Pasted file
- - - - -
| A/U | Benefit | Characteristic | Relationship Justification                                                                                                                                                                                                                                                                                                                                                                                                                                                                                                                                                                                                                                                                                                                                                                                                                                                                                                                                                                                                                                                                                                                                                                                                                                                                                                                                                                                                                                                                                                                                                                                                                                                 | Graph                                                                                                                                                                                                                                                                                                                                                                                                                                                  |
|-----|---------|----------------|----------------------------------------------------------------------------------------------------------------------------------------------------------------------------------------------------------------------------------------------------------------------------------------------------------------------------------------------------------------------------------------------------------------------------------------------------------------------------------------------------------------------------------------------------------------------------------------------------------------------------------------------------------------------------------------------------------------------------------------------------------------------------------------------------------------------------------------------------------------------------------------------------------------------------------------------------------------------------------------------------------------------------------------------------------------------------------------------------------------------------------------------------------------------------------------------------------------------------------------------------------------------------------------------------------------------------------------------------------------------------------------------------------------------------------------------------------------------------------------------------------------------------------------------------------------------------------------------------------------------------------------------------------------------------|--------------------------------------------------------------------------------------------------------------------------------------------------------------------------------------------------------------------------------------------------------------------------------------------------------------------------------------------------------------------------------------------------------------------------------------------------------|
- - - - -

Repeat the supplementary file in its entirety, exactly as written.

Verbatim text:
| A/U | Benefit | Characteristic | Relationship Justification                                                                                                                                                                                                                                                                                                                                                                                                                                                                                                                                                                                                                                                                                                                                                                                                                                                                                                                                                                                                                                                                                                                                                                                                                                                                                                                                                                                                                                                                                                                                                                                                                                                 | Graph                                                                                                                                                                                                                                                                                                                                                                                                                                                  |
|-----|---------|----------------|----------------------------------------------------------------------------------------------------------------------------------------------------------------------------------------------------------------------------------------------------------------------------------------------------------------------------------------------------------------------------------------------------------------------------------------------------------------------------------------------------------------------------------------------------------------------------------------------------------------------------------------------------------------------------------------------------------------------------------------------------------------------------------------------------------------------------------------------------------------------------------------------------------------------------------------------------------------------------------------------------------------------------------------------------------------------------------------------------------------------------------------------------------------------------------------------------------------------------------------------------------------------------------------------------------------------------------------------------------------------------------------------------------------------------------------------------------------------------------------------------------------------------------------------------------------------------------------------------------------------------------------------------------------------------|--------------------------------------------------------------------------------------------------------------------------------------------------------------------------------------------------------------------------------------------------------------------------------------------------------------------------------------------------------------------------------------------------------------------------------------------------------|